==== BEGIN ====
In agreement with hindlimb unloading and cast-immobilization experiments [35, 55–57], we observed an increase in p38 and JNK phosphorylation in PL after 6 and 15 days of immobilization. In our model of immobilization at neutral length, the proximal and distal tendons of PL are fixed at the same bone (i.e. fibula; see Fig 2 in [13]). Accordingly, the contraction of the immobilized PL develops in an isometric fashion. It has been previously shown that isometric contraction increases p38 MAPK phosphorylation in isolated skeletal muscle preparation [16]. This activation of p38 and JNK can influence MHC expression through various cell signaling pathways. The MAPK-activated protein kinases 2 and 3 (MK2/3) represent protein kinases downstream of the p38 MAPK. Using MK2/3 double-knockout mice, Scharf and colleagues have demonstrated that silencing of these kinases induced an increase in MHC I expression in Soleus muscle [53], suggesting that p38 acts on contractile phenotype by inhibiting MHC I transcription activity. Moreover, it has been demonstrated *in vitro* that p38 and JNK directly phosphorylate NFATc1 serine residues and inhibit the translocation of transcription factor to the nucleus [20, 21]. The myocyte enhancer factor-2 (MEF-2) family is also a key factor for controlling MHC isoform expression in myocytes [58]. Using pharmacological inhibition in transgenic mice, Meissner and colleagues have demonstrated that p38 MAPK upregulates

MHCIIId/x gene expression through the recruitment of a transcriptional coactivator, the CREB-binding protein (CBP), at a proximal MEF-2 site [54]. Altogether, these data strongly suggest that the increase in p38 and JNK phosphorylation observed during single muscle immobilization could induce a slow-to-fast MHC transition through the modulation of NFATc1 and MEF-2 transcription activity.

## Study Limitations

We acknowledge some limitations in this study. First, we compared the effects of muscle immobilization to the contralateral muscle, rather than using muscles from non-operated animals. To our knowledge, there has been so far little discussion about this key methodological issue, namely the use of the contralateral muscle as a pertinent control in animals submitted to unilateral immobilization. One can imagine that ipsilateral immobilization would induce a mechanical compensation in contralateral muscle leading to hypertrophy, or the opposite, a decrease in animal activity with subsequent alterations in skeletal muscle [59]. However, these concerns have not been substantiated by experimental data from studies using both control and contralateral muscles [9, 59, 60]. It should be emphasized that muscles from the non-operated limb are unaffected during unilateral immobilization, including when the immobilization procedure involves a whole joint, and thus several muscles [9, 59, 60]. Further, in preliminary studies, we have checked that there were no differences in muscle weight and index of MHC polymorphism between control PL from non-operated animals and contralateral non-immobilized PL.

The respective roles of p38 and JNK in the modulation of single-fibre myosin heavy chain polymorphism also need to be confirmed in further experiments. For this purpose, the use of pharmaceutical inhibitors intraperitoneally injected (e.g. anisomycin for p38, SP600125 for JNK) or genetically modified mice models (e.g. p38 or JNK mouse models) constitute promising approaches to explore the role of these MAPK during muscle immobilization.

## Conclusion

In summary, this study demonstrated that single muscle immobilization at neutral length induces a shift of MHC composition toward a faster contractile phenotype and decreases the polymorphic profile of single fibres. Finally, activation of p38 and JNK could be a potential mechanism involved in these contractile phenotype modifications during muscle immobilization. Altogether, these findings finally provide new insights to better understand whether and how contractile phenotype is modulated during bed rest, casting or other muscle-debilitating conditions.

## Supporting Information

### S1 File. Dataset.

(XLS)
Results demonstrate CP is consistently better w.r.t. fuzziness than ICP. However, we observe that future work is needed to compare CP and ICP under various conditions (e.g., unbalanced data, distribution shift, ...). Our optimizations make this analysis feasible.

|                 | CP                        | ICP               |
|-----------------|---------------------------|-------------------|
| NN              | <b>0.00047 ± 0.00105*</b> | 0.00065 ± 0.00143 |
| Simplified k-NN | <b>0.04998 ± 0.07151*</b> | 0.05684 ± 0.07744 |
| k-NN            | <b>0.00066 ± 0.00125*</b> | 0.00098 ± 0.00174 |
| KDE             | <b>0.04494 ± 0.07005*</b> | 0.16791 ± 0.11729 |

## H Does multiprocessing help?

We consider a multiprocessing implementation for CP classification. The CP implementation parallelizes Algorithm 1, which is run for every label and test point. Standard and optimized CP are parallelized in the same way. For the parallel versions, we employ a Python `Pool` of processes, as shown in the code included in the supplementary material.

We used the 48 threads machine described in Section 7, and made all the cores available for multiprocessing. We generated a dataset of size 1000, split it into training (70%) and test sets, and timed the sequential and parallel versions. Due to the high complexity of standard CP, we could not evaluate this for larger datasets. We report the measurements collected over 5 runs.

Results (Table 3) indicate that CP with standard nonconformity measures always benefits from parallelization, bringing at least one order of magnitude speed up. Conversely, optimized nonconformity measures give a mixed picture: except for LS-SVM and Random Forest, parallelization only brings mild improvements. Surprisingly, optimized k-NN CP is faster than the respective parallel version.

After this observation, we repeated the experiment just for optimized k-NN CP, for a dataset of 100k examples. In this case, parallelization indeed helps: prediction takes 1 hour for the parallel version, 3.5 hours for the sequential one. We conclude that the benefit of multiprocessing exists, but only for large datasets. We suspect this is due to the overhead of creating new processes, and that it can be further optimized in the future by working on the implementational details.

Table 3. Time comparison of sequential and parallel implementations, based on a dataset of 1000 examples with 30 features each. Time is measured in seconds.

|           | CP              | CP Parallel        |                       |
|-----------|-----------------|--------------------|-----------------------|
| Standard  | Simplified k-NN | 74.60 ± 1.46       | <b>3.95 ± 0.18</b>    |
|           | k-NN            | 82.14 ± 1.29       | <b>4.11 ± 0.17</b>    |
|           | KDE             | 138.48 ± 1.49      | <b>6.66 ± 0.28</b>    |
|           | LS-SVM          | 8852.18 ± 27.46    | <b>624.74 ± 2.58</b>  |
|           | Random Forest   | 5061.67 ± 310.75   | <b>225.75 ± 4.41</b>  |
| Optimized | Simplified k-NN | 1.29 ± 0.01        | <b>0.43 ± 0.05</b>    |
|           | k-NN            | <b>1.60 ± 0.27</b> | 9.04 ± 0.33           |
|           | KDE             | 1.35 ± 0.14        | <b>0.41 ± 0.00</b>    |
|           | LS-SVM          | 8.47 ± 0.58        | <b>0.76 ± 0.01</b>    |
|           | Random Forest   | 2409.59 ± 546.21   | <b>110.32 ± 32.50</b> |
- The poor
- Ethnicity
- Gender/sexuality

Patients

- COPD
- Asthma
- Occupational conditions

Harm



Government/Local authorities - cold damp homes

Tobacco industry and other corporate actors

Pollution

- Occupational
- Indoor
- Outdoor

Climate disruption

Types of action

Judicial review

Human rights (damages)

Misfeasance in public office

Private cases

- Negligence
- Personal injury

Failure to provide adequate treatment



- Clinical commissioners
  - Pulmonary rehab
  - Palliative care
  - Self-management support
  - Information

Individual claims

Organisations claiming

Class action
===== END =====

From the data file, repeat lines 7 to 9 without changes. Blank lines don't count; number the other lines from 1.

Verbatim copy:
In summary, this study demonstrated that single muscle immobilization at neutral length induces a shift of MHC composition toward a faster contractile phenotype and decreases the polymorphic profile of single fibres. Finally, activation of p38 and JNK could be a potential mechanism involved in these contractile phenotype modifications during muscle immobilization. Altogether, these findings finally provide new insights to better understand whether and how contractile phenotype is modulated during bed rest, casting or other muscle-debilitating conditions.

## Supporting Information

### S1 File. Dataset.